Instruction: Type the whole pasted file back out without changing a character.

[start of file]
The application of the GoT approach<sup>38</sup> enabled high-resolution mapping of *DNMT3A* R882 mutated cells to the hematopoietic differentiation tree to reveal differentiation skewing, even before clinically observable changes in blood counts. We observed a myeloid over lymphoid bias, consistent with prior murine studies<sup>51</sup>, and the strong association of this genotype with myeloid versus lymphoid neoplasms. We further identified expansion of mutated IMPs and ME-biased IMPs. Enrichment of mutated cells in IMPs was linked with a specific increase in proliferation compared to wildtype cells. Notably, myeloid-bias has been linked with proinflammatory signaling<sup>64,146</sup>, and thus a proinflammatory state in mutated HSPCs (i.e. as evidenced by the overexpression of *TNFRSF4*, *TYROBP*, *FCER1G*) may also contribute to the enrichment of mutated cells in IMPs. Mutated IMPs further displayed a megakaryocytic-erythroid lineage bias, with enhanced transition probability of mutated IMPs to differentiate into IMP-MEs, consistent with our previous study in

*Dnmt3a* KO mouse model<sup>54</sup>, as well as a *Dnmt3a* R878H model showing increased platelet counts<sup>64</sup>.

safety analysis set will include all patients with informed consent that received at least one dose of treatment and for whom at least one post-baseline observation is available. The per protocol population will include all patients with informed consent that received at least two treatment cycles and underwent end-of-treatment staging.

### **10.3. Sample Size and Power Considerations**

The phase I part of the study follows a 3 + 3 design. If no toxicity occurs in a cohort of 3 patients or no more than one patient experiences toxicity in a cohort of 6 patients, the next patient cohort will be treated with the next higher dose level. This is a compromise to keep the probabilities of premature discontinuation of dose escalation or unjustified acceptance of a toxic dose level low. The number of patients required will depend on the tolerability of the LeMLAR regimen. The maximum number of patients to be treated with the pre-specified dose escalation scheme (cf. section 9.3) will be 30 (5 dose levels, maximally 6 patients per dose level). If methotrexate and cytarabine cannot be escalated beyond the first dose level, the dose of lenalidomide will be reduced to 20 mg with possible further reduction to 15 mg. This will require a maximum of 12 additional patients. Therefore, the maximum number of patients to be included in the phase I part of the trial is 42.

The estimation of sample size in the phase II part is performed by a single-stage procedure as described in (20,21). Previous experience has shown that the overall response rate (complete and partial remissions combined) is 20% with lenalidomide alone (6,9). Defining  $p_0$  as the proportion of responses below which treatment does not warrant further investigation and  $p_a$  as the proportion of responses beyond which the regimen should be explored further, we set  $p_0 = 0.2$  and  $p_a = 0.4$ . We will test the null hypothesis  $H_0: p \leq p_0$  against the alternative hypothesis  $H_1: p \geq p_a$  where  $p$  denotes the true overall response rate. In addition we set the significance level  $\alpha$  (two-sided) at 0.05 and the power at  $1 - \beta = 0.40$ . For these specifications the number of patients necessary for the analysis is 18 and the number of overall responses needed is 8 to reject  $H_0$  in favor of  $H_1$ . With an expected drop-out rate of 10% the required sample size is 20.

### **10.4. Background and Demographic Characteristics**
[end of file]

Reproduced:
The application of the GoT approach<sup>38</sup> enabled high-resolution mapping of *DNMT3A* R882 mutated cells to the hematopoietic differentiation tree to reveal differentiation skewing, even before clinically observable changes in blood counts. We observed a myeloid over lymphoid bias, consistent with prior murine studies<sup>51</sup>, and the strong association of this genotype with myeloid versus lymphoid neoplasms. We further identified expansion of mutated IMPs and ME-biased IMPs. Enrichment of mutated cells in IMPs was linked with a specific increase in proliferation compared to wildtype cells. Notably, myeloid-bias has been linked with proinflammatory signaling<sup>64,146</sup>, and thus a proinflammatory state in mutated HSPCs (i.e. as evidenced by the overexpression of *TNFRSF4*, *TYROBP*, *FCER1G*) may also contribute to the enrichment of mutated cells in IMPs. Mutated IMPs further displayed a megakaryocytic-erythroid lineage bias, with enhanced transition probability of mutated IMPs to differentiate into IMP-MEs, consistent with our previous study in

*Dnmt3a* KO mouse model<sup>54</sup>, as well as a *Dnmt3a* R878H model showing increased platelet counts<sup>64</sup>.

safety analysis set will include all patients with informed consent that received at least one dose of treatment and for whom at least one post-baseline observation is available. The per protocol population will include all patients with informed consent that received at least two treatment cycles and underwent end-of-treatment staging.

### **10.3. Sample Size and Power Considerations**

The phase I part of the study follows a 3 + 3 design. If no toxicity occurs in a cohort of 3 patients or no more than one patient experiences toxicity in a cohort of 6 patients, the next patient cohort will be treated with the next higher dose level. This is a compromise to keep the probabilities of premature discontinuation of dose escalation or unjustified acceptance of a toxic dose level low. The number of patients required will depend on the tolerability of the LeMLAR regimen. The maximum number of patients to be treated with the pre-specified dose escalation scheme (cf. section 9.3) will be 30 (5 dose levels, maximally 6 patients per dose level). If methotrexate and cytarabine cannot be escalated beyond the first dose level, the dose of lenalidomide will be reduced to 20 mg with possible further reduction to 15 mg. This will require a maximum of 12 additional patients. Therefore, the maximum number of patients to be included in the phase I part of the trial is 42.

The estimation of sample size in the phase II part is performed by a single-stage procedure as described in (20,21). Previous experience has shown that the overall response rate (complete and partial remissions combined) is 20% with lenalidomide alone (6,9). Defining  $p_0$  as the proportion of responses below which treatment does not warrant further investigation and  $p_a$  as the proportion of responses beyond which the regimen should be explored further, we set  $p_0 = 0.2$  and  $p_a = 0.4$ . We will test the null hypothesis  $H_0: p \leq p_0$  against the alternative hypothesis  $H_1: p \geq p_a$  where  $p$  denotes the true overall response rate. In addition we set the significance level  $\alpha$  (two-sided) at 0.05 and the power at  $1 - \beta = 0.40$ . For these specifications the number of patients necessary for the analysis is 18 and the number of overall responses needed is 8 to reject  $H_0$  in favor of  $H_1$ . With an expected drop-out rate of 10% the required sample size is 20.

### **10.4. Background and Demographic Characteristics**